font->DrawTextA(d3dSprite, nameCard, -1, &textbox, DT_LEFT, D3DCOLOR_XRGB(255, 255, 255));
    }

    LPCSTR plCard()
    {
        return nameCard;
    }
};

Any help would be greatly appreciated. Thank you.

share|improve this question
3  
Any reason you're using character arrays and pointers instead of concatenating the C++ strings and then using c_str()? Also, just use nameStr = std::string("Name: ") + name + "\n";, or better yet, take a string as the parameter. –  chris Feb 3 '13 at 20:56
    
Thanks, I will change to using this. As I mentioned... not brilliant with strings :/ –  Chris Feb 3 '13 at 21:01
    
You don't need all those ostringstreams. To build, for example, nameStr, you can either do nameStr = "Name: "; nameStr += name; or nameSTr = std::string("Name: ") + name;. Or you can not do it at all, and only generate that stuff when you need it. –  Pete Becker Feb 3 '13 at 21:10
    
This is actually a good question compared to what usually comes around. The title describes the problem, the problem is narrowed down correctly to a very limited scope, all of the code we needed to see was provided, and not much more, and, although it may not be the first thing noticeable, the OP is not unnecessarily stubborn when the answer they're actually looking for is given. –  chris Feb 3 '13 at 21:23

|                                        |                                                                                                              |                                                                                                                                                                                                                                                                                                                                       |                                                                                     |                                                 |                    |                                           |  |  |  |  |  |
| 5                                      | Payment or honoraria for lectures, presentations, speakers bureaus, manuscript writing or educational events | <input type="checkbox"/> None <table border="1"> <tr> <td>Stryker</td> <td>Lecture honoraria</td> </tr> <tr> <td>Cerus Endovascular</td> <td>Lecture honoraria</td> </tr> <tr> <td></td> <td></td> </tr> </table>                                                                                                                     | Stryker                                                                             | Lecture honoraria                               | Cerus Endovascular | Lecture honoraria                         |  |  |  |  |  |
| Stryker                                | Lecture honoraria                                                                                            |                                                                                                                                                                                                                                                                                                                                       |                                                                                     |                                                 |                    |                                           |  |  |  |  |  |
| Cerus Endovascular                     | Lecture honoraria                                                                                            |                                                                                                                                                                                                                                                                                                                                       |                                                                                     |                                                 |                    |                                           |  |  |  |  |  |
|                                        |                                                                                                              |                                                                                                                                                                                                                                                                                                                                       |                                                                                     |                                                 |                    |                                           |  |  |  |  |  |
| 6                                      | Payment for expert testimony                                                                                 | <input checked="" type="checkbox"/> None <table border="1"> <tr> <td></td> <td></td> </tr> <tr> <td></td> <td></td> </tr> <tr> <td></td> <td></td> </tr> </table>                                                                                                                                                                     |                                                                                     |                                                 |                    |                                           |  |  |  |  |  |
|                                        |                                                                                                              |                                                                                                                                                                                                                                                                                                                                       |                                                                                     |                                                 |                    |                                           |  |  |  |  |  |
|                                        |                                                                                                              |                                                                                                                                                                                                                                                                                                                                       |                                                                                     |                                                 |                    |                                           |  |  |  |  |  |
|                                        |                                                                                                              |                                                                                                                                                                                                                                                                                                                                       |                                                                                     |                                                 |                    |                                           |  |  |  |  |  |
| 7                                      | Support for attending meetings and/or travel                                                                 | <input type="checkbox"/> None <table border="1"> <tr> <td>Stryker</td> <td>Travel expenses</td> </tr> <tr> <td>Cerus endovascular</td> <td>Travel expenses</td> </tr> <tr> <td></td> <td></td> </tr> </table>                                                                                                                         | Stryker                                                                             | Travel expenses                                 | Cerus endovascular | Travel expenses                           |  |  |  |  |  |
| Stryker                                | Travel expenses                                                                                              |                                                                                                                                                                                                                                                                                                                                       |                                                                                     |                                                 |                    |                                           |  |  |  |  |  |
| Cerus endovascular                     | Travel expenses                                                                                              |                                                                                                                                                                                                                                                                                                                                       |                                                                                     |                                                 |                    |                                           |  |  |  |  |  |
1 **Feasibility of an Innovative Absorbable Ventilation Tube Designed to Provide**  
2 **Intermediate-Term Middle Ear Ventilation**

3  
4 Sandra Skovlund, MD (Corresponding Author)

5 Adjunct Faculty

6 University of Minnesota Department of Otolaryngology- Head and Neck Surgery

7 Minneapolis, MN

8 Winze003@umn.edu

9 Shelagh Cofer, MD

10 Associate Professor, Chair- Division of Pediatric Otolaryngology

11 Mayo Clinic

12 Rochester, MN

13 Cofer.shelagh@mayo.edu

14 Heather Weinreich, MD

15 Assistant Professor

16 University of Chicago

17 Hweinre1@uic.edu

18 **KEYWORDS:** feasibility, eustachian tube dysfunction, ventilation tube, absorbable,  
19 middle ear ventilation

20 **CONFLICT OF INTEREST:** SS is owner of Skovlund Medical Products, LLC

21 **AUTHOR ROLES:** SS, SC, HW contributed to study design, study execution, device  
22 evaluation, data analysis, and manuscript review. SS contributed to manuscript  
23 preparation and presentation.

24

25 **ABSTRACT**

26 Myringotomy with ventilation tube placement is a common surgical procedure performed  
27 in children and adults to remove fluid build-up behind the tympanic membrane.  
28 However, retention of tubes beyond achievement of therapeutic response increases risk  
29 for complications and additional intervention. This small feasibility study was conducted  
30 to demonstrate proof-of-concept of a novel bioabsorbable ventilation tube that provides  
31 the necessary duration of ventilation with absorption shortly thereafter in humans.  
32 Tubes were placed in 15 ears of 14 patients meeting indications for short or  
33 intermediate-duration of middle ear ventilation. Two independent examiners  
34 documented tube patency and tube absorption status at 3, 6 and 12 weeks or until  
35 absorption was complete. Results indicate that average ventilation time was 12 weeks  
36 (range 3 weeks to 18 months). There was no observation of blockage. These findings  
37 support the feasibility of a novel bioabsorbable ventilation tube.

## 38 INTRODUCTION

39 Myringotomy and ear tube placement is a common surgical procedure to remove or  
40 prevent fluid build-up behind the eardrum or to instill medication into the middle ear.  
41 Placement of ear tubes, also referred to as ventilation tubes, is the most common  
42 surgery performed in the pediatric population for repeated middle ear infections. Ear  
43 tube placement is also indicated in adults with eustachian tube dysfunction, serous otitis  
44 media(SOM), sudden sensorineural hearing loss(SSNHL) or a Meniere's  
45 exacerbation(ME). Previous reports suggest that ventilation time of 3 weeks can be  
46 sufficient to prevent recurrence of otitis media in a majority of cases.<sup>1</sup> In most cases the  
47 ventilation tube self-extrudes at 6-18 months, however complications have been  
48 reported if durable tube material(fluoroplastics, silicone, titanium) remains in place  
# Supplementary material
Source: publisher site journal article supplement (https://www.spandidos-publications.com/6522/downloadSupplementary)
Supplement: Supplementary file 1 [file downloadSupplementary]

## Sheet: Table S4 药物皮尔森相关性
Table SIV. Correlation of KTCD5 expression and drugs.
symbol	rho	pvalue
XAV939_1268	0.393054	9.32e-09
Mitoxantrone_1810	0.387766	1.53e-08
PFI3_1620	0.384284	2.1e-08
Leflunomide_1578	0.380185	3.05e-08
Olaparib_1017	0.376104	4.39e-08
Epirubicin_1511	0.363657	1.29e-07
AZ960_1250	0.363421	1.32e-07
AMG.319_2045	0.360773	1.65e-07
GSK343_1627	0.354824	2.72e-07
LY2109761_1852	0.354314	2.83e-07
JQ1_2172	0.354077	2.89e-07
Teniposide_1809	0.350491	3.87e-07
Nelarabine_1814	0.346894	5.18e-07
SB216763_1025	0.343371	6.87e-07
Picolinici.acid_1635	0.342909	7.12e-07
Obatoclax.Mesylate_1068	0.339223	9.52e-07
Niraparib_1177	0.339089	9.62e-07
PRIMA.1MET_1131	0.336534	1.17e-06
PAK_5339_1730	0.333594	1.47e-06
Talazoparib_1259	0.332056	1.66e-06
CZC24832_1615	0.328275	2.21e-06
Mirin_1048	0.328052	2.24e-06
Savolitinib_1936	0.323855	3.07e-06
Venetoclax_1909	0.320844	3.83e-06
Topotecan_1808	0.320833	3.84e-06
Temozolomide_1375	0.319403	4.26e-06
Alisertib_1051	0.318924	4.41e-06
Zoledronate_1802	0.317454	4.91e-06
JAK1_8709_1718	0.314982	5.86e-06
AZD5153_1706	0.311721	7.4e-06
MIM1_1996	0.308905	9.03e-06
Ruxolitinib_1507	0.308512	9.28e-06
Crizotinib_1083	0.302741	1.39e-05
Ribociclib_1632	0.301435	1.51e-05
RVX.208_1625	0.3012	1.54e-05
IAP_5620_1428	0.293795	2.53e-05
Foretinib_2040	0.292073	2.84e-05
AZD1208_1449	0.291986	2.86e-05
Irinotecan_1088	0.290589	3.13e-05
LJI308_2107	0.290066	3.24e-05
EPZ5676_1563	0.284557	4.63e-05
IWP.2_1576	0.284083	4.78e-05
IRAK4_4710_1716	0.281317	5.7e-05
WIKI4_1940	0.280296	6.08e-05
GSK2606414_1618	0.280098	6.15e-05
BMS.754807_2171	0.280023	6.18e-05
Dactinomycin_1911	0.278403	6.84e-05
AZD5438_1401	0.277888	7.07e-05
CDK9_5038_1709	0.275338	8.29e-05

Oh, I just noticed that as far as the code provided goes, font is uninitialized before dereferencing it in draw(). You'll want to make sure it's properly initialized. –  chris Feb 3 '13 at 21:34

2 Answers 2

up vote 2 down vote accepted

Your main problem is that nameCard is uninitialized. strcat requires a null-terminated string to do its magic, and there's no guarantee that the first, or any, character in nameCard is a null.

However, C strings are unnecessary. Just use std::string all the time. After changing nameCard to a string, I'd change load to (file writing excluded):

void load(const std::string &name, bool male, int age, double cash, const std::string &prod)
{
    nameStr = "Name: " + name + "\n";
    genderStr = "Gender: " + (male ? "Male" : "Female") + "\n";
    ageStr = "Age: " + std::to_string(age) + "\n";
    cashHeldStr = "Cash Held: " + std::to_string(cash) + "\n";
    prodWantedStr = "Product Wanted: " + prod + "\n";

    nameCard = nameStr + genderStr + ageStr + cashHeldStr + prodWantedStr;
}

I would actually just make nameCard a data member, removing the others, and use this:

nameCard.clear();
nameCard += "Name: " + name + "\n";
//add on other parts

Other than that, make plCard() return a std::string and in draw(), use nameCard.c_str(). I hope that clears up what you can do with strings a bit more.

Do note, however, that std::to_string is C++11. C++03 has two common solutions:

std::string str = boost::lexical_cast<std::string>(someNumber);

Or

std::ostringstream oss;
oss << someNumber;
std::string str = oss.str();

I find the three-liner much more readable than a one-liner or two-liner.

share|improve this answer

Your nameCard is uninitialized. Replace the first strcat with strcpy, or initialize it with a zero string.

Now, how about using std::string exclusively?

share|improve this answer
    
Thank you very very much! Worked :) Yes, I am very aware that this requires some work which I shall now start on! Thanks for the help –  Chris Feb 3 '13 at 21:06